Arkansas' Real Welfare Queen
Acworth, Georgia is way too far north in Cobb County to use Marietta's Big Chicken as a landmark. You used to be able to give directions by telling people to look for the Wal-Mart Supercenter on North Cobb Parkway. But pretty soon you won't even be able to do that, because there will be a second Wal-Mart Supercenter on North Cobb Parkway, just three miles away.
Statewide, we've already got 93 Wal-Mart Supercenters, 19 regular-sized Wal-Marts, 21 Sam's Clubs and nine distribution centers. We've got Wal-Marts out the wal-zoo.
Some people are whining about having Wal-Marts back to back in Acworth. They complained that they didn't get to object to the City Council about the big new store. Well, too bad for them! This is a new America. People don't count. Corporations do.
The land in Acworth already was zoned for big-box retailers. Wal-Mart just strolled in and fired that mother up.
In other communities, the company might not have it so easy, because a lot of ordinary Americans have awakened to the locust-like nature of Wal-Mart. The stores swoop in, kill off mom-and-pop businesses, and empty small town centers.
Meanwhile, to save every last nickel, the boys in Bentonville force their contractors to set up operations in China. Then, Wal-Mart merrily abandons stores when they grow old, leaving them behind like used condoms on the roadside.
The formula works like a charm. Wal-Mart now rakes in nearly a quarter of a trillion dollars annually in sales and plans to triple in size.
Just last month, the Supreme Court helped the company clear a hurdle that might have gotten in the way of that growth by ruling that the government can take your property to make way for a new Wal-Mart or Home Depot. Some conservative commentators tried to paint the court's action as a "liberal" decision. The hell it is. It is a pro-corporate decision. It benefits big business. And just in case you haven't been paying attention, big business and big government have merged under President Bush.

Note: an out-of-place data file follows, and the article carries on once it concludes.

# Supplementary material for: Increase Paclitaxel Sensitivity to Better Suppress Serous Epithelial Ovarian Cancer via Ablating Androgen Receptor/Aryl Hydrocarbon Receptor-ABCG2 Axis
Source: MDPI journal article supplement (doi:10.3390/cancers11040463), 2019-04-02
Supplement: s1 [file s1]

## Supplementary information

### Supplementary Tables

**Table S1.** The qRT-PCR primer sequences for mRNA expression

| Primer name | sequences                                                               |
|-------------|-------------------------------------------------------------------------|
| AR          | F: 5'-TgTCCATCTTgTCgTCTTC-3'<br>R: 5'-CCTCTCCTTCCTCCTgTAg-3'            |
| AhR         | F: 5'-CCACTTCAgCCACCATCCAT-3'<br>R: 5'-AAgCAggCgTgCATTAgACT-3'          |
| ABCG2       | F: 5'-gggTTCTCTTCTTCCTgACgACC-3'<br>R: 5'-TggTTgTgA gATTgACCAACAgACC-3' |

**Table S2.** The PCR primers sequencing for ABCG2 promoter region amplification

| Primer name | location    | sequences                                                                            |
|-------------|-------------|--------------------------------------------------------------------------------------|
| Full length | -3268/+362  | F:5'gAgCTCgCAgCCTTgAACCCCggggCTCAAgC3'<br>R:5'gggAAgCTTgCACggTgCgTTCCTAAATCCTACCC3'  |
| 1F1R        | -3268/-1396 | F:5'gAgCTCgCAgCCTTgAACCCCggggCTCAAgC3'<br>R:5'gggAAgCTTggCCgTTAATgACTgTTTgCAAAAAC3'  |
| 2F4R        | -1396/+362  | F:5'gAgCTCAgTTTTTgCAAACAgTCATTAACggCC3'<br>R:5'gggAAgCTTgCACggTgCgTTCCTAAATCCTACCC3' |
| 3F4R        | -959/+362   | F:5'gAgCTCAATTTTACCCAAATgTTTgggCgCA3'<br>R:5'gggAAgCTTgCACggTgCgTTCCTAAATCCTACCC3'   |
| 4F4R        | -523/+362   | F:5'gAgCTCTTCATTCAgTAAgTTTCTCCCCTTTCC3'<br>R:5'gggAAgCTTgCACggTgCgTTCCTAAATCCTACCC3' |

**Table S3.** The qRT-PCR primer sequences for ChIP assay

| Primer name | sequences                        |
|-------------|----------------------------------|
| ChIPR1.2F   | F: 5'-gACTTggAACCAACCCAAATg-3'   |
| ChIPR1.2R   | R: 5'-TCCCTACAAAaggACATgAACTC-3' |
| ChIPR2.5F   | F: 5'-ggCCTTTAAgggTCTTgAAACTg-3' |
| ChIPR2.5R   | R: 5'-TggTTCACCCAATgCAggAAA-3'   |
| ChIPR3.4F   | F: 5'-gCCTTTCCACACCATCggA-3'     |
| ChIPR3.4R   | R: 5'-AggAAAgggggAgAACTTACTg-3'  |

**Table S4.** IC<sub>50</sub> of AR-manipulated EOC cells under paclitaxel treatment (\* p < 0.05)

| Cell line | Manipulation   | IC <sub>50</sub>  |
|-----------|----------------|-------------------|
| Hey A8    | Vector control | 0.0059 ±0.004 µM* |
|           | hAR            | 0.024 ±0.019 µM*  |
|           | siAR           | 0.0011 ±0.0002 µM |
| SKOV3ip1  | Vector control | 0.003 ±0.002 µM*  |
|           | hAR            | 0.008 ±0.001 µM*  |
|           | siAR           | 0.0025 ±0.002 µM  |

That kind of teamwork isn't always in America's best interests. PBS recently re-ran its "Frontline" special about Wal-Mart, showing a mass company meeting that was as red-white-and-blue as the Republican National Convention. But if you look beyond the flag-waving, you can see that Wal-Mart regularly ditches patriotism in its ruthless drive for the bottom line, like the time it sided with the Chinese against a Tennessee TV maker who accused China of dumping TVs in the United States.
The problem with Wal-Mart and other giant corporations sending so many American dollars to China is this: The mobsters who run China's government aren't necessarily our friends. A Chinese general said last week that his country is prepared to nuke us if we interfere with its potential takeover of Taiwan, according to the Financial Times. And even without nuclear war, China is crushing us in economic warfare. Its foreign reserves are on track to top $1 trillion next year. China is going to own our sorry, credit-card-addicted asses.
What really makes me sick is the way Wal-Mart preys on governments here at home. The flag-waving company, based in Arkansas, has become the welfare queen of Georgia. There are 51,821 Wal-Mart employees -- or "associates" -- in the state, or 1.15 percent of the total civilian work force of about 4.5 million.
The funny thing is that, while Wal-Mart has 1.15 percent of Georgia's work force, in 2002, children of its employees made up more than 6 percent of all the kids covered by PeachCare, the state program that provides health care coverage to the children of the working poor.